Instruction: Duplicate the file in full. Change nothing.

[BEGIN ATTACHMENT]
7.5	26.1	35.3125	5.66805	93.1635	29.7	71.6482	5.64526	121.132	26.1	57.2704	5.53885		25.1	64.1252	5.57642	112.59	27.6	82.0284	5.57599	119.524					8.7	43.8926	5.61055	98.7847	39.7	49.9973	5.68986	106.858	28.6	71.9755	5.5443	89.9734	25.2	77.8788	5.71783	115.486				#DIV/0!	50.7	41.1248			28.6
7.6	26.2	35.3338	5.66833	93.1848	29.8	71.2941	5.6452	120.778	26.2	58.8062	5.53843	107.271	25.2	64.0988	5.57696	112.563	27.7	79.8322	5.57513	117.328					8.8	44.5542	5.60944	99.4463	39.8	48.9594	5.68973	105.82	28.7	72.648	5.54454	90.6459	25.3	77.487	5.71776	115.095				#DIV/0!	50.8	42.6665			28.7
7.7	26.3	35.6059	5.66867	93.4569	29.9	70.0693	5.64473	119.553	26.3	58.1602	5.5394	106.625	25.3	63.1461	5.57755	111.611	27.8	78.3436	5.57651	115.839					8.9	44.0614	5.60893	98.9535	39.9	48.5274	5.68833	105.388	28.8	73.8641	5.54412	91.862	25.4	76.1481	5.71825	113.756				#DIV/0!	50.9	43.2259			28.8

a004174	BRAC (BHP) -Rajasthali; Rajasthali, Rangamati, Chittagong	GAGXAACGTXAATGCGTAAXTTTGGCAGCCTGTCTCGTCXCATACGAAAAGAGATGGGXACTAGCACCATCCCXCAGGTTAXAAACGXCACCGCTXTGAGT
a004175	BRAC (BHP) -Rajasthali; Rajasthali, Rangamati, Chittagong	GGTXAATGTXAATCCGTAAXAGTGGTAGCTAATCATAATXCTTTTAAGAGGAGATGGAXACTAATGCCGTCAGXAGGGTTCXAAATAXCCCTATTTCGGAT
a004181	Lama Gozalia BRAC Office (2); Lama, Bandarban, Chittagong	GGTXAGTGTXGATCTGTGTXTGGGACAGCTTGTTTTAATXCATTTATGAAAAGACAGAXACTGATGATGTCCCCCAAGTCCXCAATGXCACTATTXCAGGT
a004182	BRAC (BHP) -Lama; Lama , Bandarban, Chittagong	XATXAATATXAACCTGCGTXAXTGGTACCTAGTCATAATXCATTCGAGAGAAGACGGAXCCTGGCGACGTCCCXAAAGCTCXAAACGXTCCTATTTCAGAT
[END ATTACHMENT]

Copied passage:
7.5	26.1	35.3125	5.66805	93.1635	29.7	71.6482	5.64526	121.132	26.1	57.2704	5.53885		25.1	64.1252	5.57642	112.59	27.6	82.0284	5.57599	119.524					8.7	43.8926	5.61055	98.7847	39.7	49.9973	5.68986	106.858	28.6	71.9755	5.5443	89.9734	25.2	77.8788	5.71783	115.486				#DIV/0!	50.7	41.1248			28.6
7.6	26.2	35.3338	5.66833	93.1848	29.8	71.2941	5.6452	120.778	26.2	58.8062	5.53843	107.271	25.2	64.0988	5.57696	112.563	27.7	79.8322	5.57513	117.328					8.8	44.5542	5.60944	99.4463	39.8	48.9594	5.68973	105.82	28.7	72.648	5.54454	90.6459	25.3	77.487	5.71776	115.095				#DIV/0!	50.8	42.6665			28.7
7.7	26.3	35.6059	5.66867	93.4569	29.9	70.0693	5.64473	119.553	26.3	58.1602	5.5394	106.625	25.3	63.1461	5.57755	111.611	27.8	78.3436	5.57651	115.839					8.9	44.0614	5.60893	98.9535	39.9	48.5274	5.68833	105.388	28.8	73.8641	5.54412	91.862	25.4	76.1481	5.71825	113.756				#DIV/0!	50.9	43.2259			28.8

a004174	BRAC (BHP) -Rajasthali; Rajasthali, Rangamati, Chittagong	GAGXAACGTXAATGCGTAAXTTTGGCAGCCTGTCTCGTCXCATACGAAAAGAGATGGGXACTAGCACCATCCCXCAGGTTAXAAACGXCACCGCTXTGAGT
a004175	BRAC (BHP) -Rajasthali; Rajasthali, Rangamati, Chittagong	GGTXAATGTXAATCCGTAAXAGTGGTAGCTAATCATAATXCTTTTAAGAGGAGATGGAXACTAATGCCGTCAGXAGGGTTCXAAATAXCCCTATTTCGGAT
a004181	Lama Gozalia BRAC Office (2); Lama, Bandarban, Chittagong	GGTXAGTGTXGATCTGTGTXTGGGACAGCTTGTTTTAATXCATTTATGAAAAGACAGAXACTGATGATGTCCCCCAAGTCCXCAATGXCACTATTXCAGGT
a004182	BRAC (BHP) -Lama; Lama , Bandarban, Chittagong	XATXAATATXAACCTGCGTXAXTGGTACCTAGTCATAATXCATTCGAGAGAAGACGGAXCCTGGCGACGTCCCXAAAGCTCXAAACGXTCCTATTTCAGAT